I think another thing that contributes is the need for closure. Since the beginning of time, humans have yearned to have their questions answered. How many people went off to war, or to find work, or whatever, and simply disappeared from the lives of their families, never to return? Not even with the grim uncertainty of being recorded as missing in action? No grave, not so much as a sliver of evidence they were there besides fallible memory? Sure, that may not have been the same relationship as it is today; but even so, any emotional connection would lead one to wonder just what happened. If a TV show can get just one hook into your reserve of emotional interest, of course it's going to drive you to find out. If a writer and an actor and a production team can distill an emotional connection with a face on a TV screen to a strength addictive enough that just ten seconds of NTSB-delivered presence can drag you in front of the screen by the feels and keep you there; there's obviously something inside you that's been prepared, over the course of human history, to respond, to follow along. It's a part of you, if you're not a sociopath (y'know, like the villains-of-the-weeks on Criminal Minds, especially).
Another thing is that with SO MUCH screen time devoted to finding the murderer within an hour(ish); you know, you just know that somewhere along the line, plots are going to be reused. Maybe not by the same shows, or even on the same network, but eventually, some writer is going to stumble on a used idea. A good writer should be able to use it in a unique way, or at least put their own unique stamp on it; but some core element is going to turn out to be suspiciously similar to one previously aired. At least South Park once pointed out that The Simpsons already did it all. Which, ironically, was kind of original, actually.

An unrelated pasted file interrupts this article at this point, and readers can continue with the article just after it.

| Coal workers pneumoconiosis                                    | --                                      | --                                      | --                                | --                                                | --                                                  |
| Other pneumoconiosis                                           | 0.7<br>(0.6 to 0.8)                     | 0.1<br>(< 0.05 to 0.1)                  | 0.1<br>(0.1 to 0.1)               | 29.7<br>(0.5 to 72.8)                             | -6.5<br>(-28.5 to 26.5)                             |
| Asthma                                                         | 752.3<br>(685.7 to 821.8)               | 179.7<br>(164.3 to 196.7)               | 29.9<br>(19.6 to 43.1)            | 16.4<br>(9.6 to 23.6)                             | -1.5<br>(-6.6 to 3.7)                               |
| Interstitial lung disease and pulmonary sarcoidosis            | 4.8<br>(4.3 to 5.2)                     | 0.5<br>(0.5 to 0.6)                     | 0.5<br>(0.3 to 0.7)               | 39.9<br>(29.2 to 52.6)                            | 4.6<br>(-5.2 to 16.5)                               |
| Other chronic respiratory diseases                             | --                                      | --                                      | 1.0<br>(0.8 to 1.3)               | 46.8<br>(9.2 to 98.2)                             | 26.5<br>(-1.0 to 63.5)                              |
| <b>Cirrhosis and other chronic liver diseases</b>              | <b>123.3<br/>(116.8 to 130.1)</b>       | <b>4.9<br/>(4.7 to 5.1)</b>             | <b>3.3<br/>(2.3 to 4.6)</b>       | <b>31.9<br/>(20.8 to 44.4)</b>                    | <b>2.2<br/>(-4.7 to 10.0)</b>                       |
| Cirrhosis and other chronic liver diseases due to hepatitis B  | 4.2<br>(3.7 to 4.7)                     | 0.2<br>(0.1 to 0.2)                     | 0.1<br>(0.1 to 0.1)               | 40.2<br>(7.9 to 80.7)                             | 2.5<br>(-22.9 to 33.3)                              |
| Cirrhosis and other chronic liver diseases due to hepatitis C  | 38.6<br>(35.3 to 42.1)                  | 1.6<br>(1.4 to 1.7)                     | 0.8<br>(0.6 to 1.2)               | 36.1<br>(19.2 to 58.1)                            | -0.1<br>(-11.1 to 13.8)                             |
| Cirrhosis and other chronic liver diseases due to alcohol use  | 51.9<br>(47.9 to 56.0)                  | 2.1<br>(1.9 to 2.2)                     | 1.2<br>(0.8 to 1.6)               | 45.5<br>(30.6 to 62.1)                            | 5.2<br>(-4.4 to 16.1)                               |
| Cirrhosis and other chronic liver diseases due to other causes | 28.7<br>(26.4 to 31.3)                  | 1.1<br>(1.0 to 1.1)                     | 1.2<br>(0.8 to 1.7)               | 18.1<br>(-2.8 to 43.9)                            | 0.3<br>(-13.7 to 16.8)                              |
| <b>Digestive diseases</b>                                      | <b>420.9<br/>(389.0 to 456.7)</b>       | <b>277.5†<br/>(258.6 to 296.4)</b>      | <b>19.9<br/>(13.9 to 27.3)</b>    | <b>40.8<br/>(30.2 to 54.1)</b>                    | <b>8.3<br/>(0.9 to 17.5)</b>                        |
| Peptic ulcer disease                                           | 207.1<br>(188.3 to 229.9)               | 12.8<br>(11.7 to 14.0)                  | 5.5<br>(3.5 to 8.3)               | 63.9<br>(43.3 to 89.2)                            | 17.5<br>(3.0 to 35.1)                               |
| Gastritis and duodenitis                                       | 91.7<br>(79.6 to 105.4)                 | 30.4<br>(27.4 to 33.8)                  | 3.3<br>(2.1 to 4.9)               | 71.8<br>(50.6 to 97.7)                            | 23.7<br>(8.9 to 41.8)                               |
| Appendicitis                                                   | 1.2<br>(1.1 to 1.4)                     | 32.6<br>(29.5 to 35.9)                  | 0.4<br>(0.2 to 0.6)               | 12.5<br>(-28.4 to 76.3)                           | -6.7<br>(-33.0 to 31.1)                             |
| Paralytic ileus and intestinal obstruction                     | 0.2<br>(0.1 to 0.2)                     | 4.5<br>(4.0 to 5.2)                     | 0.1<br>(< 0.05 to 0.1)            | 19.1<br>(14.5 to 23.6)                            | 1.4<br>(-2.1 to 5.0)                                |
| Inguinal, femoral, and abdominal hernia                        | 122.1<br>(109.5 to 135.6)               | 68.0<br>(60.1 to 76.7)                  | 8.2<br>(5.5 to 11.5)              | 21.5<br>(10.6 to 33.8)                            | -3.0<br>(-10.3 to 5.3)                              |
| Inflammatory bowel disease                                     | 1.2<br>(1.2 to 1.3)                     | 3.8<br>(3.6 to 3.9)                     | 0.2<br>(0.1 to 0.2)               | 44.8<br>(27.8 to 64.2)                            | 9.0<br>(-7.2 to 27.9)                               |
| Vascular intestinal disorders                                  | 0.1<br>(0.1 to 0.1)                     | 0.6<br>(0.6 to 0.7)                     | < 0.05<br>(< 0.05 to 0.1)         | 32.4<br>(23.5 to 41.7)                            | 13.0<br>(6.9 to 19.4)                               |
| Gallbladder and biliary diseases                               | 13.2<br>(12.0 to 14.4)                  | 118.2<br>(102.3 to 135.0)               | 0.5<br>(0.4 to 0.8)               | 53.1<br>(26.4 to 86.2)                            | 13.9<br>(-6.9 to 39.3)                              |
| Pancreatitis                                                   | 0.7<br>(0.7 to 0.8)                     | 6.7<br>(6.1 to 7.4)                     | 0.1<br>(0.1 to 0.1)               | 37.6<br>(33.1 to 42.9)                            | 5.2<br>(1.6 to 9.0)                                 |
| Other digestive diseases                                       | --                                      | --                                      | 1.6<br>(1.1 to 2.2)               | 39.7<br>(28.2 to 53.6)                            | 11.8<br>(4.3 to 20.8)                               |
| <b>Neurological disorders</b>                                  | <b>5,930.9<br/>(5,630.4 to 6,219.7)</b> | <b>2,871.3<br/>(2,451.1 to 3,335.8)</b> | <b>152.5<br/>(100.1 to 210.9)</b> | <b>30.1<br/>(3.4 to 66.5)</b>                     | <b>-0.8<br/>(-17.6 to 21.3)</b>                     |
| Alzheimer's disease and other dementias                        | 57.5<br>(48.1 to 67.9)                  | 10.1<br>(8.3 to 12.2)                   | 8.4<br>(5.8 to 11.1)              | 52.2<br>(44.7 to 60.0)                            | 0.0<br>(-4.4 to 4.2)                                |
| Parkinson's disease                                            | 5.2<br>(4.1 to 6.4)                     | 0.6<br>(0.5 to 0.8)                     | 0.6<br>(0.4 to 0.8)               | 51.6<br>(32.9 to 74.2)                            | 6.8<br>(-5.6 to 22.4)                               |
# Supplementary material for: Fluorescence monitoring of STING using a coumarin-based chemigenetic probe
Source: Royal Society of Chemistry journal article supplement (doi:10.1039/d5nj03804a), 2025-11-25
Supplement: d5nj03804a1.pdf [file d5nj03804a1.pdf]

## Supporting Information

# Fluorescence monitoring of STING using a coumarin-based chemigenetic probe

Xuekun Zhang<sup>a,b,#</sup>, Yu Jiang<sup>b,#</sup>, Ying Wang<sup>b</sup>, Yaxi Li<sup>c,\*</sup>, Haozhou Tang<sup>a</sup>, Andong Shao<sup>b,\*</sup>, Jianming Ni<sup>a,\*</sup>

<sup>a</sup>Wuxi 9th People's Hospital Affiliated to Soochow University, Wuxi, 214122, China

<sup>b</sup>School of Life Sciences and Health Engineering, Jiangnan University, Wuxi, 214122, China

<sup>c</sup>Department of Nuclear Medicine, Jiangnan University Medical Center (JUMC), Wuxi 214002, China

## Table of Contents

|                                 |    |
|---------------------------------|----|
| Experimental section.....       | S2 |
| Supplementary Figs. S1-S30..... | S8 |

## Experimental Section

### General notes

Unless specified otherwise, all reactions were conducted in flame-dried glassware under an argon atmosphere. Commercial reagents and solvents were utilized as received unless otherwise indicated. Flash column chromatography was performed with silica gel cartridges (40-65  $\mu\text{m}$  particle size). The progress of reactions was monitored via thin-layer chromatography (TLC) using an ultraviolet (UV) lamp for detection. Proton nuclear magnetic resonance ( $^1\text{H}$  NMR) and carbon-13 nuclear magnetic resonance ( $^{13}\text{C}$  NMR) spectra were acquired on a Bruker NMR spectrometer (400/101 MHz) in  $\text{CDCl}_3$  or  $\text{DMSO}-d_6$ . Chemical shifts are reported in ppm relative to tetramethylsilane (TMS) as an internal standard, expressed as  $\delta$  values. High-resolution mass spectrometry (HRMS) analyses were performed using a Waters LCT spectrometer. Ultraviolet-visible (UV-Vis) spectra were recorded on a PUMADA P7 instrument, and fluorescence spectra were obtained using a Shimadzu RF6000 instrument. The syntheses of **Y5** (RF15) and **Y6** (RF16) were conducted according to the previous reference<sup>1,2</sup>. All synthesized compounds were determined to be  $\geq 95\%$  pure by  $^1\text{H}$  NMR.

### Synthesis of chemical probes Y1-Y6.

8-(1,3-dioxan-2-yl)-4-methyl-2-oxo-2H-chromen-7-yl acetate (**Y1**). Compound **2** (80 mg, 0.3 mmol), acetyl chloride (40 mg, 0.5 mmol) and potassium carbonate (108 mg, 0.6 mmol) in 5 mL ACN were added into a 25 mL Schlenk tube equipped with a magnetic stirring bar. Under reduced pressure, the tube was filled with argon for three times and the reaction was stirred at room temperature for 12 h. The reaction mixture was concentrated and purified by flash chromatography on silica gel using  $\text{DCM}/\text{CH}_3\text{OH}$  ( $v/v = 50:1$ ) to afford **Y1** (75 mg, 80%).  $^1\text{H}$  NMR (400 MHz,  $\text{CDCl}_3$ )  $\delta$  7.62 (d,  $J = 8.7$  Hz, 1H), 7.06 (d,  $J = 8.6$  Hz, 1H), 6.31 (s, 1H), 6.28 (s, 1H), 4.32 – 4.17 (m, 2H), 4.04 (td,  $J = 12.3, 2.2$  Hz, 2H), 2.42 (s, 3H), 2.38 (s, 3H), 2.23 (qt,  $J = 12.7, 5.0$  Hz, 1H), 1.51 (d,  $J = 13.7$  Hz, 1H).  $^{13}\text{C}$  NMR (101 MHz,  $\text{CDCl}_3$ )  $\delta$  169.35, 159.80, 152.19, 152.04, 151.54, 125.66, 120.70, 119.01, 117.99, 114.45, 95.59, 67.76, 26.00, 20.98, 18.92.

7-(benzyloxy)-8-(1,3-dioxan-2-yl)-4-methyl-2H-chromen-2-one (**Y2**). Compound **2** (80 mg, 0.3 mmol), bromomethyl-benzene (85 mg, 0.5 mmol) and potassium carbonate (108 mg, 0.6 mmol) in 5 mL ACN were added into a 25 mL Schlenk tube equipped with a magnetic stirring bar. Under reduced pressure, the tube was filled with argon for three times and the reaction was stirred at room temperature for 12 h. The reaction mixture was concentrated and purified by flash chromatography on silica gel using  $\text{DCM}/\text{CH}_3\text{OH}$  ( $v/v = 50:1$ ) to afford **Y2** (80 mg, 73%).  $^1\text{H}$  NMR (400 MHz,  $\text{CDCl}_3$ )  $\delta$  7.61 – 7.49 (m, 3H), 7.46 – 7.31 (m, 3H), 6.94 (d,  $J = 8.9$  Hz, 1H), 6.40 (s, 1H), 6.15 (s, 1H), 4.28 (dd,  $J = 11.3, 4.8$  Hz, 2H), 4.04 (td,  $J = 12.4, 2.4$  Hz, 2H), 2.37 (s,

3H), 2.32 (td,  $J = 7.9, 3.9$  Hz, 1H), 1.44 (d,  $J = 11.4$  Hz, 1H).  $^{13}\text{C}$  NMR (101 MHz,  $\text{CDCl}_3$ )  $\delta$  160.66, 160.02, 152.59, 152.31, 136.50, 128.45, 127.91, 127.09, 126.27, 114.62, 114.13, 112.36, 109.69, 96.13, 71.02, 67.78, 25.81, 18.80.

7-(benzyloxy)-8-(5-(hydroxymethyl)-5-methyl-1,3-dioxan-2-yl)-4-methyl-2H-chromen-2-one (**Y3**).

I think if less time were devoted to murder and ugly street crime (something many of us tune in to fiction for an escape from [and not counting alleged 'reality' TV, either, which is pretty ugly too]) I'd be more inclined to tune in; I actually miss Letterman, Leno, and Ferguson, for one thing (who'd a'thunk?). Sitcoms don't usually do much for me; Britcoms are preferable, actually. Original and interesting stand-up comedy may have died with Mitch Hedberg, unfortunately. And British sketch comedy is far better than what passes for the American variety these days - even old British sketch comedy. Canadian isn't too shabby, though. At least even Lost managed to contain enough of an element of mystery to keep people talking about it. Game Of Thrones? The Shanarra series now on (really?) MTV? I'll just take the original novels, thanks.
I know I've written some bite-size diatribes against television before; but that was typically in offense against some specific piece of televised waste. Not this time. I'm finally declaring to the world that I am officially done with broadcast and cable television. I just can't fucking tolerate it anymore. Paul Graham recently wrote that anything you find yourself saying that life is too short to contain, you should fucking jettison (paraphrased).
TV, consider yourself by-and-large jettisoned from my life. It was already too short for you once I stopped watching Shining Time Station and Walker, Texas Ranger. Politely fuck off.
* I should clarify that my dislike of commercials is not part of some diatribe against consumerism; rather it's because I find them personally irritating. Imagine if your TV suddenly got zits one day. I'm certainly no anti-capitalist; I just exult in the fact that the Information Age makes it possible to seek out the products one wants with far more... interactive interaction. Or maybe with more agency on the part of the customer. Something like that.